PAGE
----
BOSTON (AP) -- Meg Theriault didn't look in a mirror for two months. When she did, a stranger met her gaze.
Most of her hair was gone, but that wasn't the worst of it: There was a dent on the left side of her head. A chunk of her skull was missing.
Meg's parents told her there had been an accident, that she bumped her head. But that was two hospitals and a long plane ride ago.
Whatever had happened to her, she didn't remember any of it. And photos posted around her Boston hospital room of a 21-year-old coed, her chestnut hair flowing below her shoulders, looked like a different person.
Now Meg's two front teeth were cracked into peaks. Her boy-short hair was matted beneath a black hockey helmet. It protected her brain, but made her face break out in blemishes.
She could remember her semester abroad in Australia -- even if some details of traveling in the Outback, scuba diving on the Great Barrier Reef and bungee jumping in the rainforest were coming back slowly. But she couldn't remember New Zealand, and the last days of her foreign adventure. Something had broken and her mind wasn't filling in the blanks.
Her parents, Todd and Deb Theriault, were there by her hospital bed in New Zealand after she came out of her coma.
"I love you, Meg," Todd had whispered.
"I love you," she answered.
Another month would pass before Meg smiled. She was still hospitalized, but back home in Massachusetts.
Her parents had hope, but doctors warned Meg might never be Meg again, the Boston University student who'd been on track to finish school and land an accounting job in the next year. Two months after the accident, connections to her brain were still scrambled.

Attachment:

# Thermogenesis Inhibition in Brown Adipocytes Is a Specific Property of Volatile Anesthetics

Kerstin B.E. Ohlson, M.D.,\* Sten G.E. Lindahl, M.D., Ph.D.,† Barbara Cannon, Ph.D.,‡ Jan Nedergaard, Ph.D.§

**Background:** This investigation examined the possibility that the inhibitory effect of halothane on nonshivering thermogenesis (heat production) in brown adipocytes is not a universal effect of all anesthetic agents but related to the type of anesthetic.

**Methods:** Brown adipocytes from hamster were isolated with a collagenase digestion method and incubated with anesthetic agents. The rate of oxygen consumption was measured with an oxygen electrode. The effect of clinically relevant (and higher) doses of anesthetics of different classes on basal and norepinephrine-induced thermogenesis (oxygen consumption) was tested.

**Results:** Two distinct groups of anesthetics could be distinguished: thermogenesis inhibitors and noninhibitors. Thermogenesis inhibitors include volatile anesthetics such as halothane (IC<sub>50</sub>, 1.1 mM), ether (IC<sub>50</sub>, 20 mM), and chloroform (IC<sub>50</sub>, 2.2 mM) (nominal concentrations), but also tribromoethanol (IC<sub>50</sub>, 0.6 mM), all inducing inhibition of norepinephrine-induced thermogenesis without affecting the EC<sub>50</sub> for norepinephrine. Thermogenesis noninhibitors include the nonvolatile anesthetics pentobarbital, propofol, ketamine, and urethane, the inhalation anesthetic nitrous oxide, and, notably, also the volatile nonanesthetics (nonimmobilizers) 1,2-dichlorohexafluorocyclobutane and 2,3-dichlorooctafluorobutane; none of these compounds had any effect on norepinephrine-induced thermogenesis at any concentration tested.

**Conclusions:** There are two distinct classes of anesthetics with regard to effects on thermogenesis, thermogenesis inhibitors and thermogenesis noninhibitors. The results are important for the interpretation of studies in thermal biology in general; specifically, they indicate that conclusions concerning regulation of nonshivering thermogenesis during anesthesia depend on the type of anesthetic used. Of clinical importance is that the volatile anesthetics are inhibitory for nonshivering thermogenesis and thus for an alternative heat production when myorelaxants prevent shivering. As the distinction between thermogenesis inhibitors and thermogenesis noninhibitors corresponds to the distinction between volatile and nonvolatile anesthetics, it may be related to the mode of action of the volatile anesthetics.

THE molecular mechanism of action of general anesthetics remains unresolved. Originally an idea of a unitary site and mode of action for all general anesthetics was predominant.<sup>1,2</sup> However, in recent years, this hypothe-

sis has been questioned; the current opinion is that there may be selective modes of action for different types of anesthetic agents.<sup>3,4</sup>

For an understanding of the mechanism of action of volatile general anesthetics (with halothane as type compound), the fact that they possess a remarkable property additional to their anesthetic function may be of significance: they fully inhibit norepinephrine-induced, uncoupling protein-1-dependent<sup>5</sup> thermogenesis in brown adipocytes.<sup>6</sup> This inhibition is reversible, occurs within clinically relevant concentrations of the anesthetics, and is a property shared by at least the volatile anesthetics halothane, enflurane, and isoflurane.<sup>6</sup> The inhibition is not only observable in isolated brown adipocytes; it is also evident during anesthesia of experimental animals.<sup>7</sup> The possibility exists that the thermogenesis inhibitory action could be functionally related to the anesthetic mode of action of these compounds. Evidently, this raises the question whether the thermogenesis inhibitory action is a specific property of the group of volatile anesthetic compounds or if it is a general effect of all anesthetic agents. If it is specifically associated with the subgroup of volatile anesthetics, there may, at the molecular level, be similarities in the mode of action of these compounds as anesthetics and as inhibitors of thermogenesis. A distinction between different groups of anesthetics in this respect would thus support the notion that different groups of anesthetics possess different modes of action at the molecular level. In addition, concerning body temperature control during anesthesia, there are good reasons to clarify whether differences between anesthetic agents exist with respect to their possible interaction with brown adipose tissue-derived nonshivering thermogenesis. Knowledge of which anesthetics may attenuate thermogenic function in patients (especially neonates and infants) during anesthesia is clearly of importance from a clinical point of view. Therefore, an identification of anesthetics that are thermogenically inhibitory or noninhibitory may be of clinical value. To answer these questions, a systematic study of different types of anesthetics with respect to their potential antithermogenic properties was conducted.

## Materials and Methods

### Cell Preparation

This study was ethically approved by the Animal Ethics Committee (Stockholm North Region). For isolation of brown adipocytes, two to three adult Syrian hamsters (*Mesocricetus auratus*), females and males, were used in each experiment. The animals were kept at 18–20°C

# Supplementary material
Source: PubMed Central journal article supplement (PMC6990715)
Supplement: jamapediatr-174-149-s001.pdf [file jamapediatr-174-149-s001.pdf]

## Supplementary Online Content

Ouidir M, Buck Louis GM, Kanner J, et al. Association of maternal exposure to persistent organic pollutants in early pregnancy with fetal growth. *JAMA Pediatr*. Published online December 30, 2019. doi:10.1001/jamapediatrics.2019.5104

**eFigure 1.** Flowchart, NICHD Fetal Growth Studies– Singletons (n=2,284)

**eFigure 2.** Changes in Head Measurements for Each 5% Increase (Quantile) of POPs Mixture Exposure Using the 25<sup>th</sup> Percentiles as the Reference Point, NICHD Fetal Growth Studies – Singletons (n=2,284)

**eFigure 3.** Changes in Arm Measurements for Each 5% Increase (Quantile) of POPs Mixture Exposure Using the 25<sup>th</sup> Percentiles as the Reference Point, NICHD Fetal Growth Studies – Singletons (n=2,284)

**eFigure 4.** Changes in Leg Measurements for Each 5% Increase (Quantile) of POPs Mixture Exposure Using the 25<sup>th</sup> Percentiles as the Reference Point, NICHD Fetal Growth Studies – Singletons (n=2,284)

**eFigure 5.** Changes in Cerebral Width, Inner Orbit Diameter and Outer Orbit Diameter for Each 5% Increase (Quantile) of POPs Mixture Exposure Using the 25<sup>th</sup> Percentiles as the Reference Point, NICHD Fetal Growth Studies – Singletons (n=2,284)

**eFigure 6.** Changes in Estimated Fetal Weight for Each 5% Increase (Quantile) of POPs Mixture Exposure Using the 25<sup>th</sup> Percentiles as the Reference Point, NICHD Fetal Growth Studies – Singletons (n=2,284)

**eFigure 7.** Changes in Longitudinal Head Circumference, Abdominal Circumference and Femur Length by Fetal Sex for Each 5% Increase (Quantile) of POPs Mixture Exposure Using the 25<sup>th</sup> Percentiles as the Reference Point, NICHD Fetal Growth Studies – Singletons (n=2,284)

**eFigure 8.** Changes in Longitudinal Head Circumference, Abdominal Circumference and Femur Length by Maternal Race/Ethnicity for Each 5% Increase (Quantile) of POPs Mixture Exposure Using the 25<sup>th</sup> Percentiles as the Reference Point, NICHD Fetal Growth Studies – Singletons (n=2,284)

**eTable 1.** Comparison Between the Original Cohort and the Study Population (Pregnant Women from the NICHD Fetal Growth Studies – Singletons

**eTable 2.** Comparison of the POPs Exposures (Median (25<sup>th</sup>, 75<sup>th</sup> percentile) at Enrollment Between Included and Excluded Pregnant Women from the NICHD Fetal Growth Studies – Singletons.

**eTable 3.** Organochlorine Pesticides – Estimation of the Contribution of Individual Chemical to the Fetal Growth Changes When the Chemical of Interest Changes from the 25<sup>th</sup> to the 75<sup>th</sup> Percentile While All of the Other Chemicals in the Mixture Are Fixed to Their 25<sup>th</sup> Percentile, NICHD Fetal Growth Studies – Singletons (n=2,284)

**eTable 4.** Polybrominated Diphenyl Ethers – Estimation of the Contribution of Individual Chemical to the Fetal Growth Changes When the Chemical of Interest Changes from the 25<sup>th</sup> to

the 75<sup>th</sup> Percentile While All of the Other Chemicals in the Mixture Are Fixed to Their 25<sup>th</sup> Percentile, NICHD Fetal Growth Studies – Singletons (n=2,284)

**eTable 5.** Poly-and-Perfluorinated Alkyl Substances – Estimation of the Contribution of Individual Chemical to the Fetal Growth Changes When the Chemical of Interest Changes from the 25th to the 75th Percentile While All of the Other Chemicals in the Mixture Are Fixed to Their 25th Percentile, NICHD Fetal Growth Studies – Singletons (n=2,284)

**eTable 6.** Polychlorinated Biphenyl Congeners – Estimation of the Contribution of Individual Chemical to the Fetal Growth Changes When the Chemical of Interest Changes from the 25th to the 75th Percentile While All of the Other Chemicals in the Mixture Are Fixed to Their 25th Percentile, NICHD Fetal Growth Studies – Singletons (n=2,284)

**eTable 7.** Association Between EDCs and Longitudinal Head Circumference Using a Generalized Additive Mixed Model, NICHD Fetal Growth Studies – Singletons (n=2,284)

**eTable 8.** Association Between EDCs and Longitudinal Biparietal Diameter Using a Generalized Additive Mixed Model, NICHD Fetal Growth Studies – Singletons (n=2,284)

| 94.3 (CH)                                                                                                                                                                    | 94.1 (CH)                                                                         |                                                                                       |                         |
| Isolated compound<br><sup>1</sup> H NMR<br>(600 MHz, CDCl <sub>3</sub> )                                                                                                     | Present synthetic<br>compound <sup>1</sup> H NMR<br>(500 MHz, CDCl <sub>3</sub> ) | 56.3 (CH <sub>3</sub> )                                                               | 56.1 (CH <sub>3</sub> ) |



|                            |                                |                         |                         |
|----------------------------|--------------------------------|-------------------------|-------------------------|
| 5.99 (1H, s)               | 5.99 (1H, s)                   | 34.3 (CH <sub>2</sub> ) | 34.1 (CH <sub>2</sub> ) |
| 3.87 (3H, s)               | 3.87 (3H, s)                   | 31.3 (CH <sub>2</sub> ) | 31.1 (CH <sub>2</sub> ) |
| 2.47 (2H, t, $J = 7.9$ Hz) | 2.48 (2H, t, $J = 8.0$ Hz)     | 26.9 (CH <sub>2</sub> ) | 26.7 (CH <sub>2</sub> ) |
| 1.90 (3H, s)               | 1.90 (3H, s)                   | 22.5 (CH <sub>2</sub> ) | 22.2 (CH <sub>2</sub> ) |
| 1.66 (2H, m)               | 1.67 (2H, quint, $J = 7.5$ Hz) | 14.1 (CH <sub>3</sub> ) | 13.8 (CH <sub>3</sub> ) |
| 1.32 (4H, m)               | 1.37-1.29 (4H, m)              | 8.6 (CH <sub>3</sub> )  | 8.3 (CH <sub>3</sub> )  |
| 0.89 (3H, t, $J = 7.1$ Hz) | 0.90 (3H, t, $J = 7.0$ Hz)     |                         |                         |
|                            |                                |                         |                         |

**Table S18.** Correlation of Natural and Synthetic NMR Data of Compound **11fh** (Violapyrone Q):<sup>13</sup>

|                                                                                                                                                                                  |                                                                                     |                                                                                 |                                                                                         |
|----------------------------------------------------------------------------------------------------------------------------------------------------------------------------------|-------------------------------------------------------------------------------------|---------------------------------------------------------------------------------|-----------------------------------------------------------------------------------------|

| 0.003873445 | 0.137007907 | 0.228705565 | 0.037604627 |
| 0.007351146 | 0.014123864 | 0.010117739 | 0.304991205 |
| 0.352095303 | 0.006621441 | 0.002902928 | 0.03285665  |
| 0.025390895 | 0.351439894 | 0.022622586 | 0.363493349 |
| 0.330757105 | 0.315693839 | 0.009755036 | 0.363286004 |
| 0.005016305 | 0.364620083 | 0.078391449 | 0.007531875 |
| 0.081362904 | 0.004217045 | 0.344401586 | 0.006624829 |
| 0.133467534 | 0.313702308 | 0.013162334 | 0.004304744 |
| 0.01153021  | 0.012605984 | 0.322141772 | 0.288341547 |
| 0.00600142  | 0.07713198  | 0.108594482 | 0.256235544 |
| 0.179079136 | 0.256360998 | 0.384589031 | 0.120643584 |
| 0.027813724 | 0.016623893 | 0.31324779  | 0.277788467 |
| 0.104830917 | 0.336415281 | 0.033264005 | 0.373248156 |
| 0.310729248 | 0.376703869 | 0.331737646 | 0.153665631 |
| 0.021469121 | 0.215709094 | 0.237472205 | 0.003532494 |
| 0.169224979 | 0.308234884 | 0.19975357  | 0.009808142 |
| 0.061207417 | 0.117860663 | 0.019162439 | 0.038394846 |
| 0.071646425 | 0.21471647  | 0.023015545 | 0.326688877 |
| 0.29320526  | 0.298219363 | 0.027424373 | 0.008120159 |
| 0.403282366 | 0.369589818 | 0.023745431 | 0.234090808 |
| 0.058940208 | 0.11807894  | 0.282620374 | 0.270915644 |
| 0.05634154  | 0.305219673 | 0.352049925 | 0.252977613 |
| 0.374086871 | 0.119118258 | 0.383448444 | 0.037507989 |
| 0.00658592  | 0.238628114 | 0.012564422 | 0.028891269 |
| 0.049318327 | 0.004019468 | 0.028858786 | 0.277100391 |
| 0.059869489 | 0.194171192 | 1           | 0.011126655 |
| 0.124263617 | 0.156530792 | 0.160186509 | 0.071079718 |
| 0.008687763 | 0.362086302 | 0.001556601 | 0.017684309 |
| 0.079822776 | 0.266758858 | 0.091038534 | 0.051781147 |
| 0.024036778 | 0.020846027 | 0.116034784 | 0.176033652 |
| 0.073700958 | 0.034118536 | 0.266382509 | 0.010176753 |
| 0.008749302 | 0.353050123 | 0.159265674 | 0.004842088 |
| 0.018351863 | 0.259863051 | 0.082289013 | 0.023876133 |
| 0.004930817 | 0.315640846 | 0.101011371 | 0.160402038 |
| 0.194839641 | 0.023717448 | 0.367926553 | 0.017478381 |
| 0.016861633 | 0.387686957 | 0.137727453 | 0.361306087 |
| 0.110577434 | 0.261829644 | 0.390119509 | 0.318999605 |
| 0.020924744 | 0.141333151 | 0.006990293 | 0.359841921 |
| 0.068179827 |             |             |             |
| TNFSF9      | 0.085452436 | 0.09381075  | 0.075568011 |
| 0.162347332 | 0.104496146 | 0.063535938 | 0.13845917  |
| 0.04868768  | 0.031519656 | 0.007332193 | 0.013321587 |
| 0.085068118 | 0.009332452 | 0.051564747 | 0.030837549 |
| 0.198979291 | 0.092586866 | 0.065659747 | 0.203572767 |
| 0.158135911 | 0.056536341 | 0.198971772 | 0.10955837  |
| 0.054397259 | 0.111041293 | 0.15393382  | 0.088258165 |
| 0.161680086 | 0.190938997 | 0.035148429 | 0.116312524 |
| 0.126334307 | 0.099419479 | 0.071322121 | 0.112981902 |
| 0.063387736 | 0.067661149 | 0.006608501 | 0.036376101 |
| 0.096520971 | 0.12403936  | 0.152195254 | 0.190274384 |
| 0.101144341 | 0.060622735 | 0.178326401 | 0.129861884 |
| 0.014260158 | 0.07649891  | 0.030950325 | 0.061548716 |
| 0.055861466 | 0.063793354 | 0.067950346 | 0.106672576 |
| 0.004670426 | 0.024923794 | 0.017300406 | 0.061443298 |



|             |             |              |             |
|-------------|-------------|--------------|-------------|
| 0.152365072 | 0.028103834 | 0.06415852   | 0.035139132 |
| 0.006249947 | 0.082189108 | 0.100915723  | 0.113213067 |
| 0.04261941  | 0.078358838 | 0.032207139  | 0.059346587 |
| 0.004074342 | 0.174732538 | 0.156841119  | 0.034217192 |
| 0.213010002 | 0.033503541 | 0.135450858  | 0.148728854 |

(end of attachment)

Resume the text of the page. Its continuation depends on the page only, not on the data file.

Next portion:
The business major couldn't remember multiplication tables. She mistook a doctor at Spaulding Rehabilitation Hospital in Boston for her sixth-grade teacher. She looked forward to reuniting with a dog that hadn't lived with her family for years.
Meg wobbled as she learned to walk. Therapy filled her days, including speech and reading exercises. She had to practice spooning up her food, and how to bathe and dress herself.
But if Meg didn't understand where she had been, she knew where she wanted to be.
"It's just like being in school," a therapist said one day when she faltered during a drill.
"That's good," Meg said.
Because whatever it took, she wanted to be back at BU for her senior year.
She was the first victim they reached in the road.
"Meg, are you OK?"
Her classmate Dustin Holstein didn't get an answer. Deep, fast draws of air were all he heard. It was the kind of breathing, he would say later, "where it's like you're on the verge of dying."
It was the morning of May 12, 2012. Steam from a volcano in the distance curled into a cloudless sky in New Zealand's countryside.
The BU students -- 16 of them in two minivans -- had been headed to Tongariro Alpine Crossing, a trek through volcanic terrain with a view of the peak portrayed as Mount Doom in the "Lord of the Rings" movie trilogy.
Police said it seemed the single-vehicle crash happened after the minivan drifted to the roadside.
Stephen Houseman, the student who was driving, would say later the van began shaking and he couldn't control it. Police said he tried to correct course before the van rolled several times.
Students Austin Brashears, Roch Jauberty and Daniela Lekhno also landed in the road. Friends covered their faces with sleeping bags or blankets before the first fire truck arrived.
Meg was luckier -- but far from lucky. Dustin pushed his friend's hair from her face as American pop star Adam Levine's voice streamed from the stereo inside the wreck. Blood leaked from a laceration on her chin. Skin had ripped off her right arm, baring part of the muscle.
But the worst damage was on the inside. Her skull had fractured. Blood was clotting on her brain.
A helicopter flew her to a hospital, where surgeons removed part of her skull to relieve the pressure from her swelling brain and purge the clot.
Meg had been due back in Boston in a few days. She'd sent ahead an early Mother's Day bouquet of lilies, tulips and roses, promising a celebration when she got home.
Instead, her parents had boarded a flight to New Zealand. Mother's Day melted away as they prayed their daughter wouldn't die.